The third cricket is native to Pulau Ubin, an island off the coast of Singapore. Pulau Ubin is one of the last remaining wild areas in the already tiny country. Singapore’s government has been eager to develop portions of the island, but in recent years tourism has become more profitable. Fear of losing foreign visitors has encouraged officials to protect, rather than level, valuable habitat. For now, the status of the new scaly crickets appears secure, but in rapidly urbanizing Southeast Asia, nothing is certain.

A scaly cricket (Mogoplistes brunneus). © Entomart.

A scaly cricket (Mogoplistes brunneus). © Entomart.

Cited:

Love R.E. and T.J. Walker. 1979. Systematics and acoustic behavior of scaly crickets (Orthoptera: Gryllidae: Mogoplistinae) of eastern United States. Transactions of the American Entomological Society 105:

Tan M.K., P. Dawwrueng, and T. Artchawakom. 2015. Contribution to the taxonomy of scaly crickets (Orthoptera: Mogoplistidae: Mogoplistinae). Zootaxa 4032(4): 381-394.

Yang J. and F. Yen. 2001. Morphology and character evaluation of scales in scaly crickets (Orthoptera: Grylloidea: Mogoplistidae). Zoological Studies 40(3): 247-253.

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Basketballs, Shark Teeth, and Millipedes: Meet the Haplodesmids

by Joseph DeSisto

I feel like I’m on a roll with the whole common-name-inventing thing, so I’m going to have a go at another millipede family: the Haplodesmidae. These millipedes are poorly known, largely because they are often tiny and cave-dwelling. Beneath the microscope, however, they become utterly captivating. The haplodesmids have intricately shaped and textured exoskeletons, appearing almost as if they were crafted by an artist with very tiny instruments. For the purposes of this blog they will be called the “sculptured millipedes.”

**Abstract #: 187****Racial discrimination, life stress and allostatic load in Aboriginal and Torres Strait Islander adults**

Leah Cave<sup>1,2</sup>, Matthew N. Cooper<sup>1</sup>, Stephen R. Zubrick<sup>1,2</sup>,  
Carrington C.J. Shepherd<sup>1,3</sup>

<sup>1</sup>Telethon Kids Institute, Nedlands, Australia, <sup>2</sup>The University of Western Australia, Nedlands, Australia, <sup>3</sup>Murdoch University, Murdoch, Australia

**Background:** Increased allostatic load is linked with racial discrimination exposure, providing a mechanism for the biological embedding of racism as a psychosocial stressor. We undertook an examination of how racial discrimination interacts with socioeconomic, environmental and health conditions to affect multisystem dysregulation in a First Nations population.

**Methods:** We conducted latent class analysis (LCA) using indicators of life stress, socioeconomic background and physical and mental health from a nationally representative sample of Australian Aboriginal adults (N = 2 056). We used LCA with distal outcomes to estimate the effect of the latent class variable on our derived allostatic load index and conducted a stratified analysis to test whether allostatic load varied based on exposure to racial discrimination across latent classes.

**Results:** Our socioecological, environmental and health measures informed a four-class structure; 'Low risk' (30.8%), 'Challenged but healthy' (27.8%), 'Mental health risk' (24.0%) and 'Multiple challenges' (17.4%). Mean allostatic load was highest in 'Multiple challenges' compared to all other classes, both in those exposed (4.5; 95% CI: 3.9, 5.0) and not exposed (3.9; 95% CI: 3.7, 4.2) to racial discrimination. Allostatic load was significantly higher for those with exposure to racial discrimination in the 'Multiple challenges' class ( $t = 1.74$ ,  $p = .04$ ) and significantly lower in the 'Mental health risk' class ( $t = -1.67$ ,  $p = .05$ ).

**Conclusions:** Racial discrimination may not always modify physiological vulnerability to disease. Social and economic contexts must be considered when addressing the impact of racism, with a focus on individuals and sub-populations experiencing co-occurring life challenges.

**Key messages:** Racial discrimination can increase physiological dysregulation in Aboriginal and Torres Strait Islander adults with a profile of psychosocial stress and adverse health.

For example:

The star-shaped haplodesmid Eutrichodesmus asteroides. Photo from Golovatch (2009b), licensed under CC BY 3.0.

The star-shaped haplodesmid Eutrichodesmus asteroides. Photo from Golovatch et al. (2009b), licensed under CC BY 3.0.

The millipede above has curled into a protective spiral, with its head at the center. The species name asteroides means “star-like” and refers to the shape formed when it spirals.

Here’s another, Eutrichodesmus incisus, newly described in Golovatch et al. (2009a) from remote Chinese caverns:

A preserved specimen of Eutrichodesmus incisus, shown under a scanning electron microscope. Photo from Golovatch et al. (2009a), licensed under CC BY 3.0.

A preserved specimen of Eutrichodesmus incisus, shown under a scanning electron microscope. Photo from Golovatch et al. (2009a), licensed under CC BY 3.0.